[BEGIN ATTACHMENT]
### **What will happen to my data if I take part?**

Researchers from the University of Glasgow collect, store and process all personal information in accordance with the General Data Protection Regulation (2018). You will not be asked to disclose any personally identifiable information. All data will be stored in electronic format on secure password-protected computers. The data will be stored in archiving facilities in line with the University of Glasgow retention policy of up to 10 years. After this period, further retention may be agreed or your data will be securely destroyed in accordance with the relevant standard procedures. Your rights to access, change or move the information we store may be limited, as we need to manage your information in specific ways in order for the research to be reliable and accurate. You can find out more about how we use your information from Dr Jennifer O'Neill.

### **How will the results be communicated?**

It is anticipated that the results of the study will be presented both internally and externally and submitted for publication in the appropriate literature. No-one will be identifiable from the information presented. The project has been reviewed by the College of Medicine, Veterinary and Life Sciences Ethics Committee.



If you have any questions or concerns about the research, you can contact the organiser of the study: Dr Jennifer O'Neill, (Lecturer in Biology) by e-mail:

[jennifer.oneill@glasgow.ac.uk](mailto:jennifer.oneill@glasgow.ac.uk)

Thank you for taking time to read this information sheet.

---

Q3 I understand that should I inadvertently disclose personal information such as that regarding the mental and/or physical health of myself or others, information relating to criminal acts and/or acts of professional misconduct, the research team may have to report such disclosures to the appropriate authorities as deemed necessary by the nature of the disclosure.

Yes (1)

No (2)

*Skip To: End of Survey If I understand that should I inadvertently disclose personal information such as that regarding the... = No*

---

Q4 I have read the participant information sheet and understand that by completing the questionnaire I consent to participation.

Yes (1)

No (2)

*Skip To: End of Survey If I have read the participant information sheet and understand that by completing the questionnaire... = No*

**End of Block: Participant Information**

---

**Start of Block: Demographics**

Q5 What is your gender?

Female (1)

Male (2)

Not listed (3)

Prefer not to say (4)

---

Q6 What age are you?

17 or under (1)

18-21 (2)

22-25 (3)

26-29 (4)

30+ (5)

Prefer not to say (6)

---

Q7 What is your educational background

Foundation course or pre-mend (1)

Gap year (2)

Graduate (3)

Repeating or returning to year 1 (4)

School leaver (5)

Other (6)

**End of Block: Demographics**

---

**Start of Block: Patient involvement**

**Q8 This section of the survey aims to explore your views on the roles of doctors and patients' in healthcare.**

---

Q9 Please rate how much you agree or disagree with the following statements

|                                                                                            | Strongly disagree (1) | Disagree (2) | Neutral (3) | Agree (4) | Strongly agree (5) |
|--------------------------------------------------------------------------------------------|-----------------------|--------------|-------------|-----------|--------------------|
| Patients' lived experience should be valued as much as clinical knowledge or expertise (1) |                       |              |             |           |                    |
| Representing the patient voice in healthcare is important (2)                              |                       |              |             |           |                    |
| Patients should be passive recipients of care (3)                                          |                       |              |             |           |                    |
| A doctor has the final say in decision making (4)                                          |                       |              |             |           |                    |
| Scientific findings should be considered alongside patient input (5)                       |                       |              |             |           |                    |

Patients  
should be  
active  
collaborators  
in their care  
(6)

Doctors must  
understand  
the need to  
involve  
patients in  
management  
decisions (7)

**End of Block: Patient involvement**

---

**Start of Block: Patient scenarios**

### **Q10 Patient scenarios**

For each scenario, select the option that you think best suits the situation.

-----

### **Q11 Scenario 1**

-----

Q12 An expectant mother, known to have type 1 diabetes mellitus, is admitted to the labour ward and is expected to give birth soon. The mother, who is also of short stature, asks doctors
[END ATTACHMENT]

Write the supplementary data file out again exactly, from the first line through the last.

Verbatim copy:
### **What will happen to my data if I take part?**

Researchers from the University of Glasgow collect, store and process all personal information in accordance with the General Data Protection Regulation (2018). You will not be asked to disclose any personally identifiable information. All data will be stored in electronic format on secure password-protected computers. The data will be stored in archiving facilities in line with the University of Glasgow retention policy of up to 10 years. After this period, further retention may be agreed or your data will be securely destroyed in accordance with the relevant standard procedures. Your rights to access, change or move the information we store may be limited, as we need to manage your information in specific ways in order for the research to be reliable and accurate. You can find out more about how we use your information from Dr Jennifer O'Neill.

### **How will the results be communicated?**

It is anticipated that the results of the study will be presented both internally and externally and submitted for publication in the appropriate literature. No-one will be identifiable from the information presented. The project has been reviewed by the College of Medicine, Veterinary and Life Sciences Ethics Committee.



If you have any questions or concerns about the research, you can contact the organiser of the study: Dr Jennifer O'Neill, (Lecturer in Biology) by e-mail:

[jennifer.oneill@glasgow.ac.uk](mailto:jennifer.oneill@glasgow.ac.uk)

Thank you for taking time to read this information sheet.

---

Q3 I understand that should I inadvertently disclose personal information such as that regarding the mental and/or physical health of myself or others, information relating to criminal acts and/or acts of professional misconduct, the research team may have to report such disclosures to the appropriate authorities as deemed necessary by the nature of the disclosure.

Yes (1)

No (2)

*Skip To: End of Survey If I understand that should I inadvertently disclose personal information such as that regarding the... = No*

---

Q4 I have read the participant information sheet and understand that by completing the questionnaire I consent to participation.

Yes (1)

No (2)

*Skip To: End of Survey If I have read the participant information sheet and understand that by completing the questionnaire... = No*

**End of Block: Participant Information**

---

**Start of Block: Demographics**

Q5 What is your gender?

Female (1)

Male (2)

Not listed (3)

Prefer not to say (4)

---

Q6 What age are you?

17 or under (1)

18-21 (2)

22-25 (3)

26-29 (4)

30+ (5)

Prefer not to say (6)

---

Q7 What is your educational background

Foundation course or pre-mend (1)

Gap year (2)

Graduate (3)

Repeating or returning to year 1 (4)

School leaver (5)

Other (6)

**End of Block: Demographics**

---

**Start of Block: Patient involvement**

**Q8 This section of the survey aims to explore your views on the roles of doctors and patients' in healthcare.**

---

Q9 Please rate how much you agree or disagree with the following statements

|                                                                                            | Strongly disagree (1) | Disagree (2) | Neutral (3) | Agree (4) | Strongly agree (5) |
|--------------------------------------------------------------------------------------------|-----------------------|--------------|-------------|-----------|--------------------|
| Patients' lived experience should be valued as much as clinical knowledge or expertise (1) |                       |              |             |           |                    |
| Representing the patient voice in healthcare is important (2)                              |                       |              |             |           |                    |
| Patients should be passive recipients of care (3)                                          |                       |              |             |           |                    |
| A doctor has the final say in decision making (4)                                          |                       |              |             |           |                    |
| Scientific findings should be considered alongside patient input (5)                       |                       |              |             |           |                    |

Patients  
should be  
active  
collaborators  
in their care  
(6)

Doctors must  
understand  
the need to  
involve  
patients in  
management  
decisions (7)

**End of Block: Patient involvement**

---

**Start of Block: Patient scenarios**

### **Q10 Patient scenarios**

For each scenario, select the option that you think best suits the situation.

-----

### **Q11 Scenario 1**

-----

Q12 An expectant mother, known to have type 1 diabetes mellitus, is admitted to the labour ward and is expected to give birth soon. The mother, who is also of short stature, asks doctors